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Dating And Disabilities


You’ve met someone interesting who’s in a wheelchair…now what? Read up on these romance rules from those who know the scoop.

By Christine M. Coppa

ainstream America has recently caught on to just how “normal” it is to date someone in a wheelchair. TV and movies, both fictional and reality-based, are showing more people dating the wheelchair-bound, from the bevy of girlfriends and fans in the hit Paralympian documentary Murderball to Lacey and Ryan on MTV’s The Real World Austin to scenes on Joan of Arcadia and Saved!

Lindsay Stump from Jacksonville, Florida, didn’t need that wake-up call. She and her boyfriend Danny live together, have season tickets to the Jacksonville Jaguars, and take
Rushing to help when it’s not needed can be insulting, so ask beforehand what your date will need.
their dog to the park—even though Danny became a paraplegic after being thrown from a truck. “Danny is my soul mate,” she says. “We live a very normal life.” Sounds great—in theory.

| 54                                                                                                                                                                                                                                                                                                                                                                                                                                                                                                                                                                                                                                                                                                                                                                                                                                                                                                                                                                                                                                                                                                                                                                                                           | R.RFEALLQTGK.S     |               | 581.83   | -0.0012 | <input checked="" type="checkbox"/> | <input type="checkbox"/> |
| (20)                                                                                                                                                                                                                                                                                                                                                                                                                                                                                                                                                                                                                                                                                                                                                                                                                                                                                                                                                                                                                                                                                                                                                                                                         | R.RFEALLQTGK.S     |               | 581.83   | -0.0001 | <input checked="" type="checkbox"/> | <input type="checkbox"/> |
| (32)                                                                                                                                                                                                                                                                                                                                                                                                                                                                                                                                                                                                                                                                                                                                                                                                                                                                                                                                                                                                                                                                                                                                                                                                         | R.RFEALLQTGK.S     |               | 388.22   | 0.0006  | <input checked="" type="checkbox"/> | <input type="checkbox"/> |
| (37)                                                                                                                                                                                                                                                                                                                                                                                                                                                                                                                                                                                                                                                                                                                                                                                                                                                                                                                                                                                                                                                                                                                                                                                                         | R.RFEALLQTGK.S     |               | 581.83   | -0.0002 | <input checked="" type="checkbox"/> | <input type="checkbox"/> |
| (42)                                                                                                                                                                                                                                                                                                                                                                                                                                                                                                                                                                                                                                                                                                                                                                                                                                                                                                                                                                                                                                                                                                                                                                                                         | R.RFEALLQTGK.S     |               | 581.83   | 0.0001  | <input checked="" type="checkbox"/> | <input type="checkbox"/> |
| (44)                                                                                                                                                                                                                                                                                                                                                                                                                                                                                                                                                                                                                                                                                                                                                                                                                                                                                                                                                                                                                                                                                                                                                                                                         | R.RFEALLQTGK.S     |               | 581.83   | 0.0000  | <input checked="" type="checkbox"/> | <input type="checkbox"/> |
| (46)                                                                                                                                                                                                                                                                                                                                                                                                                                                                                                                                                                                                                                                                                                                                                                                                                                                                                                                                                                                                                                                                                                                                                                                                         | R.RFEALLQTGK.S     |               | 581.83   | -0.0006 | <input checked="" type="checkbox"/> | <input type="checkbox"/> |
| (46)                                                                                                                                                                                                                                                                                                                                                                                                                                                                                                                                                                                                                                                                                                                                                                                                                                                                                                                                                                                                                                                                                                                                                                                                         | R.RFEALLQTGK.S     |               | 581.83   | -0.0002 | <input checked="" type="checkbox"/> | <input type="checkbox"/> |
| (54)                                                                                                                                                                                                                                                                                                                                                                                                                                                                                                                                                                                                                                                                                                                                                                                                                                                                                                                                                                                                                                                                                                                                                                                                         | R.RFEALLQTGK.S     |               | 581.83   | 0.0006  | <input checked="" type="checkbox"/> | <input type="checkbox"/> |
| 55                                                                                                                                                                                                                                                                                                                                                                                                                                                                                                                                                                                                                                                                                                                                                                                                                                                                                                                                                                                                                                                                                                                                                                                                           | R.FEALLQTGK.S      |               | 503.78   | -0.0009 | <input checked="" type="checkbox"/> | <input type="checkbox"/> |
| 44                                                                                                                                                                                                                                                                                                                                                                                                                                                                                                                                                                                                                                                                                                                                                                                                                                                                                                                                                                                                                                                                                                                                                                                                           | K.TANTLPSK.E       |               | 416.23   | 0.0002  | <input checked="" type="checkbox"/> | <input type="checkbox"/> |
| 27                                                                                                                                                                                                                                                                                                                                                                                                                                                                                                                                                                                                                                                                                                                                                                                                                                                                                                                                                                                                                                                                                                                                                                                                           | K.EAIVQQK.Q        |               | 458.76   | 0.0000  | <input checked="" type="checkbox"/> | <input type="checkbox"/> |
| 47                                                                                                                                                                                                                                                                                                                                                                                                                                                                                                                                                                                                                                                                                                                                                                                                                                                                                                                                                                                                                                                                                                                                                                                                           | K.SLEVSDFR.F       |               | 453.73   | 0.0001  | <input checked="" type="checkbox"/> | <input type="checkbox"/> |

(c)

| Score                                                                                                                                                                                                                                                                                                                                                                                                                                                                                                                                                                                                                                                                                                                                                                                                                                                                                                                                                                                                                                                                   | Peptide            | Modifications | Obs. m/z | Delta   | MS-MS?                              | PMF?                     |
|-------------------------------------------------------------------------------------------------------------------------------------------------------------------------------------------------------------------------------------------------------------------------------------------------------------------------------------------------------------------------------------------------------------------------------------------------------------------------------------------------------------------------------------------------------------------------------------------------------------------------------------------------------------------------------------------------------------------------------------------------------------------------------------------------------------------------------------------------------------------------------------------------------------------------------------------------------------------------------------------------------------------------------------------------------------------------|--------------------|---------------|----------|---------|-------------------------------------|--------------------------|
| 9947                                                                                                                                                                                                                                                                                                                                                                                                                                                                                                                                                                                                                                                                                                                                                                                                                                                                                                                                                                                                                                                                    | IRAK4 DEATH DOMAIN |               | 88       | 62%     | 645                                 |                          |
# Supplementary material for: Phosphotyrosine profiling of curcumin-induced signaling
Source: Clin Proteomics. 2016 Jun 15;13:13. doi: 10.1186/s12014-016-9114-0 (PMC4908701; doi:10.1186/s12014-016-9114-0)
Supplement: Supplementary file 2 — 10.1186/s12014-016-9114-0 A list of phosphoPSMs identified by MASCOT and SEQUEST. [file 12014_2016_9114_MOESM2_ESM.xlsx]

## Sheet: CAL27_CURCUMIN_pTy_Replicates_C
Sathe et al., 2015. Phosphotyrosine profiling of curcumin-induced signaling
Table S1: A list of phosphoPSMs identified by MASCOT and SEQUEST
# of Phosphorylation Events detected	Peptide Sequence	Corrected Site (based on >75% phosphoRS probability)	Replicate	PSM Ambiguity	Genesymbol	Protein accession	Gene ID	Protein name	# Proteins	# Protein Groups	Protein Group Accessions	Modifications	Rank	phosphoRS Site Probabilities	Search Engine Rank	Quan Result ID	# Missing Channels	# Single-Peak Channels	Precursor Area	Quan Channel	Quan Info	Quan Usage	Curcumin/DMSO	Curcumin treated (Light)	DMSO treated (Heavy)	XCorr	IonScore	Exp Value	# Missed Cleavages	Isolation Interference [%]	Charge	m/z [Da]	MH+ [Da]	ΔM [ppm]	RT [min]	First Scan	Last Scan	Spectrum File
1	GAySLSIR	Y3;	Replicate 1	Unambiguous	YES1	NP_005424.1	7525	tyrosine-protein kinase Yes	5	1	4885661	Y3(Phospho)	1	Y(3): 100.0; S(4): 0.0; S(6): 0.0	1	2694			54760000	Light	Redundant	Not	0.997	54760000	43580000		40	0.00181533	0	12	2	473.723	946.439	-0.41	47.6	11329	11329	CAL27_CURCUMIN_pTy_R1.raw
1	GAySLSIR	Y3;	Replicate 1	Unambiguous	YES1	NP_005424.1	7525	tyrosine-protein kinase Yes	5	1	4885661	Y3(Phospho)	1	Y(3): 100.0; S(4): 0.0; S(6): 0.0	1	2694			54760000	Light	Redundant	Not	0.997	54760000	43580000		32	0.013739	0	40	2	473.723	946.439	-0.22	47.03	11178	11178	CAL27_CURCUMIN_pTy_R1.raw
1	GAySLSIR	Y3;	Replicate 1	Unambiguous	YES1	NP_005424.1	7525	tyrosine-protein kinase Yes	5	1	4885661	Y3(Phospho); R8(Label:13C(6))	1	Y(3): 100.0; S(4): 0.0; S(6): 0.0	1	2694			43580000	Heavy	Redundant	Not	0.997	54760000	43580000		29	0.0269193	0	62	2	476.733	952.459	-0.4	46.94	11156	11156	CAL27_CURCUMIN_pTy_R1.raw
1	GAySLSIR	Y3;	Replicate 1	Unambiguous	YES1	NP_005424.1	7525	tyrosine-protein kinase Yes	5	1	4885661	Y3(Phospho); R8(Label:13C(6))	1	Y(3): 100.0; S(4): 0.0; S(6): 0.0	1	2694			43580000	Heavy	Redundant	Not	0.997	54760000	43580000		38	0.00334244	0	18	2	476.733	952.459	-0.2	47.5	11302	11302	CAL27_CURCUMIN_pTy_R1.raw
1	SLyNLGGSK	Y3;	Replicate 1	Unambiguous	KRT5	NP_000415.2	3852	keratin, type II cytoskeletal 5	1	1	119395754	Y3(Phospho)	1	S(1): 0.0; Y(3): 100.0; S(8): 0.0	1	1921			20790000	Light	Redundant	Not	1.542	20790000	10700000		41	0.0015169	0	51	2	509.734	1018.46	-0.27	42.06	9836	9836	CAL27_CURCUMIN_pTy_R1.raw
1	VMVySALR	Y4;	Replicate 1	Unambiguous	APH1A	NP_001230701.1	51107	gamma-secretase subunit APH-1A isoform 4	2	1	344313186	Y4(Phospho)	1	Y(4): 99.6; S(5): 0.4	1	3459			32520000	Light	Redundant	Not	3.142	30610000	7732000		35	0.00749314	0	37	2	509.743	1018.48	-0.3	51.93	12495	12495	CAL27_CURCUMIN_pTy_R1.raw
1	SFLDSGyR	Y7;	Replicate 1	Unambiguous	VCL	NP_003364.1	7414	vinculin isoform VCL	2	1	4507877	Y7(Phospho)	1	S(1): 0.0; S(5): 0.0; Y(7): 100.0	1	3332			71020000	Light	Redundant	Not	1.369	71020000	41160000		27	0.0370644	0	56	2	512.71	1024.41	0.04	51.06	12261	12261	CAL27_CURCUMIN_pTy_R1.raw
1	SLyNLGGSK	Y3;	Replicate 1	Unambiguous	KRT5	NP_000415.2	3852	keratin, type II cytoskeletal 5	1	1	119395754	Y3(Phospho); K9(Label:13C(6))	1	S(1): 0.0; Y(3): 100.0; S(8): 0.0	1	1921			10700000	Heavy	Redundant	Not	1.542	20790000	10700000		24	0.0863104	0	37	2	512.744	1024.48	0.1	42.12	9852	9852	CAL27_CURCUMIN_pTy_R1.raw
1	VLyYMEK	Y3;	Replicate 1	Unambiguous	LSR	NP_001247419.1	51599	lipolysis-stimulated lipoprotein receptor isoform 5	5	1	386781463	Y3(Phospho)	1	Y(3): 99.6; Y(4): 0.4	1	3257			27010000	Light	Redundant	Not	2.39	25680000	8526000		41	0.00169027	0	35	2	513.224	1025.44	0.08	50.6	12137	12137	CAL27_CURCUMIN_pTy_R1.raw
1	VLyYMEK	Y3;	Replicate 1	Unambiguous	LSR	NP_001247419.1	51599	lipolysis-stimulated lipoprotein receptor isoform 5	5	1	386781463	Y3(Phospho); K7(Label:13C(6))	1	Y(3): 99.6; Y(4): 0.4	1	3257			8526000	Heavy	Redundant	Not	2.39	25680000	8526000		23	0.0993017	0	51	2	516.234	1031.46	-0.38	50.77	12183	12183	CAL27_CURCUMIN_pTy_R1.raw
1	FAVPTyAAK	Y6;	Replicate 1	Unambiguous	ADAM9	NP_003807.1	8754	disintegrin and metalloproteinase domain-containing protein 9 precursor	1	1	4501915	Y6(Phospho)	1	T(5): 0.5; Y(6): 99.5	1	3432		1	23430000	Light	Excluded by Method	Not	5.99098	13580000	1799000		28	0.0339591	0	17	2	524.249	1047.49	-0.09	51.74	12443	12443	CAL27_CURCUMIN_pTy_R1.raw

But for many people, the thought of dating someone in a chair still seems daunting—is it rude to ask questions? Will people stare? Can we have sex? Will my date be able to get into my car? First, let’s look at the big picture: “Dating someone in a wheelchair is not that different from dating an able-bodied person,” says Maximillian Wachtel, Ph.D, psychologist at Cherry Creek Psychology in Denver, Colorado. “Just like able-bodied individuals, some people in wheelchairs are loving and interesting, while some are jerks.” Now that we’ve gotten that out of the way, here are five ways to prep yourself before a date with someone who has a physical disability.

1. Be willing to help—or not